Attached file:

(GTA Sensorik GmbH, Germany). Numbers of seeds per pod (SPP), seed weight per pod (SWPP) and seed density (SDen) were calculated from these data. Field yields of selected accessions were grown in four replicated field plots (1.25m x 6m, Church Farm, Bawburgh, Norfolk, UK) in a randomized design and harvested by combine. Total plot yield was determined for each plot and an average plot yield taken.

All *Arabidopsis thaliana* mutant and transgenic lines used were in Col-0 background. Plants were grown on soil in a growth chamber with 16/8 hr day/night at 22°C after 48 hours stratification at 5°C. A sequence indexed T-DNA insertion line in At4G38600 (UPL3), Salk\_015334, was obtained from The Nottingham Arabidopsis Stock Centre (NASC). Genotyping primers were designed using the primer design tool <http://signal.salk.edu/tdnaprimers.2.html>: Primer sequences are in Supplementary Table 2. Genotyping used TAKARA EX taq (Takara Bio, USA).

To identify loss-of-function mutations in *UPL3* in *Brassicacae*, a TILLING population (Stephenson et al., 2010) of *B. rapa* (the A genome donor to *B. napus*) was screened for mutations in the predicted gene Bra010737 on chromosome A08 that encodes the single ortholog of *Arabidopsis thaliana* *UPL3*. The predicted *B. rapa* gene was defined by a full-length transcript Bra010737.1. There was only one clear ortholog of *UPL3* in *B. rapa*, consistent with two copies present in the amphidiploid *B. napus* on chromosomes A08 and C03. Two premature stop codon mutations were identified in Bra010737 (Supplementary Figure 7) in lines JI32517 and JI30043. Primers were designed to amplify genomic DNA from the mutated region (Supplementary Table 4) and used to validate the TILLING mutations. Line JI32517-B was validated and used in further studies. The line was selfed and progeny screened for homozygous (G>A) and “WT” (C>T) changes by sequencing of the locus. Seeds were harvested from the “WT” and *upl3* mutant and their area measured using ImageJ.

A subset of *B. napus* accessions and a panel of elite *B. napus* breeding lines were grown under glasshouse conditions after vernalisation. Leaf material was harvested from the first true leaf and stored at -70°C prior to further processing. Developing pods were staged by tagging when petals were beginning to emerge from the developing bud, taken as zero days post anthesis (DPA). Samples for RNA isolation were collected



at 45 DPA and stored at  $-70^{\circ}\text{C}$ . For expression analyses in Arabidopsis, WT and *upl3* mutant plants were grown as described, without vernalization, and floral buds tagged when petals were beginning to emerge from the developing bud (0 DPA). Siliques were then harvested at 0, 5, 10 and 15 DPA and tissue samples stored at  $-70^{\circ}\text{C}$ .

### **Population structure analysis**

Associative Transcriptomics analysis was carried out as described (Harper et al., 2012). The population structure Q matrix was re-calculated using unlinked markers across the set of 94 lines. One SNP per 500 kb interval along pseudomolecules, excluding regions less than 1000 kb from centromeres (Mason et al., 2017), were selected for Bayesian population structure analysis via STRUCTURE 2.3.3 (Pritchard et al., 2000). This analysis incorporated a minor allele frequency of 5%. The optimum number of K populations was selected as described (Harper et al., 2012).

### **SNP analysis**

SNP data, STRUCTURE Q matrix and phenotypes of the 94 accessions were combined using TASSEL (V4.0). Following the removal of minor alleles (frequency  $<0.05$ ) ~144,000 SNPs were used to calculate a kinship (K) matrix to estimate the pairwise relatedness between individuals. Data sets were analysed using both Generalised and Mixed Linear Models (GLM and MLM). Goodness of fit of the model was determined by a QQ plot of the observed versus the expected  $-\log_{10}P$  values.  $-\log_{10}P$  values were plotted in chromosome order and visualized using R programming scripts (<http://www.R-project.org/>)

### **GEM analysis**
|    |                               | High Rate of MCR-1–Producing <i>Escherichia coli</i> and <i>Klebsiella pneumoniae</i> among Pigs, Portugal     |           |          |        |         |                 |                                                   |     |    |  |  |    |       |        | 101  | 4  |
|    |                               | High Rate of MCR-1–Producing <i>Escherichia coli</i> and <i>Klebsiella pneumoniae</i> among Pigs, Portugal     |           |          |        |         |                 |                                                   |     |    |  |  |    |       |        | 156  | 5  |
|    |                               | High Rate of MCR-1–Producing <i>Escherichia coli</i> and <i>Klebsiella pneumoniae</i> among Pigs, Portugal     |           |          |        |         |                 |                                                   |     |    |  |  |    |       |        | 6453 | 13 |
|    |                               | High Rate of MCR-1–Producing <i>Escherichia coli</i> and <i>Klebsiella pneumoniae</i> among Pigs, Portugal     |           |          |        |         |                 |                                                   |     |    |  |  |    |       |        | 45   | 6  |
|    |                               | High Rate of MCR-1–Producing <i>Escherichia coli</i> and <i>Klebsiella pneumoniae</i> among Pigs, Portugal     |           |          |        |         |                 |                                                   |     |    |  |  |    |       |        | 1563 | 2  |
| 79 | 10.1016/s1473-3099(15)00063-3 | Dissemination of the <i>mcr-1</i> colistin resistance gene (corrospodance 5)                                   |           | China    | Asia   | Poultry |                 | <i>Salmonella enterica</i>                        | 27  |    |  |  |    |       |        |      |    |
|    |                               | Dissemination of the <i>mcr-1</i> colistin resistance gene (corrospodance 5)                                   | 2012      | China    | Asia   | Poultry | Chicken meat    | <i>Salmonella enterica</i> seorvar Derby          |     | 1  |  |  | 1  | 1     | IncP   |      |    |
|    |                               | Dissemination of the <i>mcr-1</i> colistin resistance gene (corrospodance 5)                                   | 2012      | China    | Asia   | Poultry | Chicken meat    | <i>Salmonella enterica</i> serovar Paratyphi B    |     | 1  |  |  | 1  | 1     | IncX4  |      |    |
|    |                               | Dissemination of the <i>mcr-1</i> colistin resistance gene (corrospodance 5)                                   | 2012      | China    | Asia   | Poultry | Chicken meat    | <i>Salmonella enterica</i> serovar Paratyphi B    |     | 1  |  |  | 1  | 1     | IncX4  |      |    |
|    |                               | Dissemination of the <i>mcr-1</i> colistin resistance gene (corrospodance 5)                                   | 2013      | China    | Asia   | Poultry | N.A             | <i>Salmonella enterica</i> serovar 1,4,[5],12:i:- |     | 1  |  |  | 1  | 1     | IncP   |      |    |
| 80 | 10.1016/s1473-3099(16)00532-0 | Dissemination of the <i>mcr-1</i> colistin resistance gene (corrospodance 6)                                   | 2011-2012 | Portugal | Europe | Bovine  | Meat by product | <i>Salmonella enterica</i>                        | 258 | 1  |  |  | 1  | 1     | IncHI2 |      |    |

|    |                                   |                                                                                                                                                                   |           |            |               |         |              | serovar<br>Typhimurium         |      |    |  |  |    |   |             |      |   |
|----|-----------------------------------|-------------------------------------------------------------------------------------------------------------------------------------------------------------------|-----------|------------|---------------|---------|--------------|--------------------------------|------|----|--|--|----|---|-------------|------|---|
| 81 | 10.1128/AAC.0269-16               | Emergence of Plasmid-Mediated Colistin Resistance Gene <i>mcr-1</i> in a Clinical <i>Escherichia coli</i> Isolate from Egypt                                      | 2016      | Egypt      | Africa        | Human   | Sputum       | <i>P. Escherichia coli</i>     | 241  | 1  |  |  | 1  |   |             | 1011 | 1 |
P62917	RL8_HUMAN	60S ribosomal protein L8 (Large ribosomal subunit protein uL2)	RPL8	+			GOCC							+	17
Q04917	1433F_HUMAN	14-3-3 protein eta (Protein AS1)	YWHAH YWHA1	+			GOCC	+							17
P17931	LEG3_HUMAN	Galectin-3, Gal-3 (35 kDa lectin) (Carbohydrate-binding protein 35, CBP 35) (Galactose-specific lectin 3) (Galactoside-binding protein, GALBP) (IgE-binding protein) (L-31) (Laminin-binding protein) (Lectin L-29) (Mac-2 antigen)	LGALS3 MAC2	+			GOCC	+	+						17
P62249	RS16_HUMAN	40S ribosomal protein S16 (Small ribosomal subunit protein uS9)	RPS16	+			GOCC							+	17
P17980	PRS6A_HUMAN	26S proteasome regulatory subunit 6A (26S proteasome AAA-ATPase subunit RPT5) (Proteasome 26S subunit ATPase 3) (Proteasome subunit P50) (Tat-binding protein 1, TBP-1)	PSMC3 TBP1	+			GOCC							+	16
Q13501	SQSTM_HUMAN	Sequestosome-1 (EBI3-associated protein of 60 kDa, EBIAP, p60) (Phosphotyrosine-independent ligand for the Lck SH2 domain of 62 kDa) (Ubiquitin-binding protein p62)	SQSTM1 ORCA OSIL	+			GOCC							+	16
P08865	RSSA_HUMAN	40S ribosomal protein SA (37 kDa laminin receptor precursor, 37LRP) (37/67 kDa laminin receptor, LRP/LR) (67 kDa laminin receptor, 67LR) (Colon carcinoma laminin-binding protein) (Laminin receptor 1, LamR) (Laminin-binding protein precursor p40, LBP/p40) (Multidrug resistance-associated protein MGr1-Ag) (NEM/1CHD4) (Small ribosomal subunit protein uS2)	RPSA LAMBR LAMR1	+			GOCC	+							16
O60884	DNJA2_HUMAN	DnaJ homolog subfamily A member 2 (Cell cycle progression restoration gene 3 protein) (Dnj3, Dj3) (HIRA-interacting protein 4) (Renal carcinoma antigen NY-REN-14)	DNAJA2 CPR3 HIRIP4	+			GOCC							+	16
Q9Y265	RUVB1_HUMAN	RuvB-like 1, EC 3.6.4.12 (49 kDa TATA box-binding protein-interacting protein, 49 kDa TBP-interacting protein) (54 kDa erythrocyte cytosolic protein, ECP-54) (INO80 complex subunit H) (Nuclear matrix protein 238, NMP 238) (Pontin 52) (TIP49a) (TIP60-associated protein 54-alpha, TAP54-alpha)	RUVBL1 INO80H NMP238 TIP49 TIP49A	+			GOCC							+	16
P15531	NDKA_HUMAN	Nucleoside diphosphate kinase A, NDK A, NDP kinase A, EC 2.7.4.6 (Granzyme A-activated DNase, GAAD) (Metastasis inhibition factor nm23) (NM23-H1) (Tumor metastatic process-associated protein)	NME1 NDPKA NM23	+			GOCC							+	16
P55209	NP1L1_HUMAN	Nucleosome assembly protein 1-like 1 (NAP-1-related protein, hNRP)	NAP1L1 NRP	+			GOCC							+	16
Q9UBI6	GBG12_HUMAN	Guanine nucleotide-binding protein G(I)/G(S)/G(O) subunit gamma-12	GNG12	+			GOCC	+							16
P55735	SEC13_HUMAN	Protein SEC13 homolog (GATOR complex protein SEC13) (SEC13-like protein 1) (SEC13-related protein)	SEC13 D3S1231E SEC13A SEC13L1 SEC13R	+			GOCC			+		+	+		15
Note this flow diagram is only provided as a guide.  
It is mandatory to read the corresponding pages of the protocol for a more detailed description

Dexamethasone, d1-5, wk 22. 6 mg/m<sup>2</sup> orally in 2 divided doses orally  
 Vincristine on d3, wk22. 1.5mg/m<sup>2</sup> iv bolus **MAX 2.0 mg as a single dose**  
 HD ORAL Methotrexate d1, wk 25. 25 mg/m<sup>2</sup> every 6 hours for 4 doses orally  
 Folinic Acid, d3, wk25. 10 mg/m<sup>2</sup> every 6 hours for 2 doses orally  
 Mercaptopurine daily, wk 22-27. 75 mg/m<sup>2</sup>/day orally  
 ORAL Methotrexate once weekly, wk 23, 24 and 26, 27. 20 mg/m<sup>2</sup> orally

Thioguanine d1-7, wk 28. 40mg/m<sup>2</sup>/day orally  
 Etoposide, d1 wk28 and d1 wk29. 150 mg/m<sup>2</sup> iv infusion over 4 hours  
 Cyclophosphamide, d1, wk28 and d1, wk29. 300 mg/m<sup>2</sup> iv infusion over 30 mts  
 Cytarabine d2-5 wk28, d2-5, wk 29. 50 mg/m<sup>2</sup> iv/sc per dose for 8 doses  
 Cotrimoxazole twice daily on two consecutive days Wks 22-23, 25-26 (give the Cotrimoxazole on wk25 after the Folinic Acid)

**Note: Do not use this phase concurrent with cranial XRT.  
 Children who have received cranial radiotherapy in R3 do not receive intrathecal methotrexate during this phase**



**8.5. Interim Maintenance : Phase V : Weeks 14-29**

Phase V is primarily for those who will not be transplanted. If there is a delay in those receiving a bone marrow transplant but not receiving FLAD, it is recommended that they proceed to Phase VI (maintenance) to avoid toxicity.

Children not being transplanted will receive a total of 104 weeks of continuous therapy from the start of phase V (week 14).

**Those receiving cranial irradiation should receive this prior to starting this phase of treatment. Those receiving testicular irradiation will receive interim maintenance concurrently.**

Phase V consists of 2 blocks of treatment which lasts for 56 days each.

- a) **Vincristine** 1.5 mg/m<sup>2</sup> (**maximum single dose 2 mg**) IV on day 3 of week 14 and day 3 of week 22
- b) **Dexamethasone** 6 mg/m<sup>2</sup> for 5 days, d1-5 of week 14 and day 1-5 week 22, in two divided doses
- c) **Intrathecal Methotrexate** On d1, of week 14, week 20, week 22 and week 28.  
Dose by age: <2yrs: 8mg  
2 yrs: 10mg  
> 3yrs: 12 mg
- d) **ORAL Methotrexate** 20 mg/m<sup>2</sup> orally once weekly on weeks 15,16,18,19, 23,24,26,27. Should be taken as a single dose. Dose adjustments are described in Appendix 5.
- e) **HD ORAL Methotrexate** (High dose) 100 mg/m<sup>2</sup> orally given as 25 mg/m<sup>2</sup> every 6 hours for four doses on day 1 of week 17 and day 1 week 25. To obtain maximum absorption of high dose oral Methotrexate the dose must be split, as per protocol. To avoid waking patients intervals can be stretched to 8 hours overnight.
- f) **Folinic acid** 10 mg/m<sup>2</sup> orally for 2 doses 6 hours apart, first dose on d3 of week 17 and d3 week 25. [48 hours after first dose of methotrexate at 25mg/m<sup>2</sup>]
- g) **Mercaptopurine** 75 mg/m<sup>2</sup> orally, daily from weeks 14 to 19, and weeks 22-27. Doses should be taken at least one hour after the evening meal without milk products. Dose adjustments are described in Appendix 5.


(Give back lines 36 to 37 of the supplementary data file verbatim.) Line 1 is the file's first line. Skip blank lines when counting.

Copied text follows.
Q9UBI6	GBG12_HUMAN	Guanine nucleotide-binding protein G(I)/G(S)/G(O) subunit gamma-12	GNG12	+			GOCC	+							16
P55735	SEC13_HUMAN	Protein SEC13 homolog (GATOR complex protein SEC13) (SEC13-like protein 1) (SEC13-related protein)	SEC13 D3S1231E SEC13A SEC13L1 SEC13R	+			GOCC			+		+	+		15